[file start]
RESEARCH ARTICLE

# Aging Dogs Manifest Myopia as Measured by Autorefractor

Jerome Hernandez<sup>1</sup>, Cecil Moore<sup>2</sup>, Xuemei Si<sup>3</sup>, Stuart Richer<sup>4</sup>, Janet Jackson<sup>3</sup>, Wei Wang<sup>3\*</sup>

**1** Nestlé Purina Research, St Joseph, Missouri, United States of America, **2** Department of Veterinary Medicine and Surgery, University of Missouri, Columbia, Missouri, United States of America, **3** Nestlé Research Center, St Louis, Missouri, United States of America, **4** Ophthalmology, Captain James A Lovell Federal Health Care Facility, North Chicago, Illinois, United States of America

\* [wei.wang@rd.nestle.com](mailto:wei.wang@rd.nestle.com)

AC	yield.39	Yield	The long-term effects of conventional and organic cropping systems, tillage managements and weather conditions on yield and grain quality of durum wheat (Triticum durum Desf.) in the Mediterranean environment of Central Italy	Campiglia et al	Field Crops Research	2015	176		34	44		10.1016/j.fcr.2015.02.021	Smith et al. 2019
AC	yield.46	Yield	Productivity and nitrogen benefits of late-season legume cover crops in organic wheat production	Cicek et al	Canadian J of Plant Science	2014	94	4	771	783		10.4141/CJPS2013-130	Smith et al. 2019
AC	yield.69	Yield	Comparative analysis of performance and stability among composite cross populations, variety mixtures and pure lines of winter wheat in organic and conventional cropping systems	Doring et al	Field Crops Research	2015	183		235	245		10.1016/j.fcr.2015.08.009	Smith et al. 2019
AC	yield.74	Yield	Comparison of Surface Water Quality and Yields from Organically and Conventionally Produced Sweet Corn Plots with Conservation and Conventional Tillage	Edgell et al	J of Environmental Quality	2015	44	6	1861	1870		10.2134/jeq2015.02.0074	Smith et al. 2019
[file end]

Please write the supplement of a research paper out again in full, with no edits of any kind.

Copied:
RESEARCH ARTICLE

# Aging Dogs Manifest Myopia as Measured by Autorefractor

Jerome Hernandez<sup>1</sup>, Cecil Moore<sup>2</sup>, Xuemei Si<sup>3</sup>, Stuart Richer<sup>4</sup>, Janet Jackson<sup>3</sup>, Wei Wang<sup>3\*</sup>

**1** Nestlé Purina Research, St Joseph, Missouri, United States of America, **2** Department of Veterinary Medicine and Surgery, University of Missouri, Columbia, Missouri, United States of America, **3** Nestlé Research Center, St Louis, Missouri, United States of America, **4** Ophthalmology, Captain James A Lovell Federal Health Care Facility, North Chicago, Illinois, United States of America

\* [wei.wang@rd.nestle.com](mailto:wei.wang@rd.nestle.com)

AC	yield.39	Yield	The long-term effects of conventional and organic cropping systems, tillage managements and weather conditions on yield and grain quality of durum wheat (Triticum durum Desf.) in the Mediterranean environment of Central Italy	Campiglia et al	Field Crops Research	2015	176		34	44		10.1016/j.fcr.2015.02.021	Smith et al. 2019
AC	yield.46	Yield	Productivity and nitrogen benefits of late-season legume cover crops in organic wheat production	Cicek et al	Canadian J of Plant Science	2014	94	4	771	783		10.4141/CJPS2013-130	Smith et al. 2019
AC	yield.69	Yield	Comparative analysis of performance and stability among composite cross populations, variety mixtures and pure lines of winter wheat in organic and conventional cropping systems	Doring et al	Field Crops Research	2015	183		235	245		10.1016/j.fcr.2015.08.009	Smith et al. 2019
AC	yield.74	Yield	Comparison of Surface Water Quality and Yields from Organically and Conventionally Produced Sweet Corn Plots with Conservation and Conventional Tillage	Edgell et al	J of Environmental Quality	2015	44	6	1861	1870		10.2134/jeq2015.02.0074	Smith et al. 2019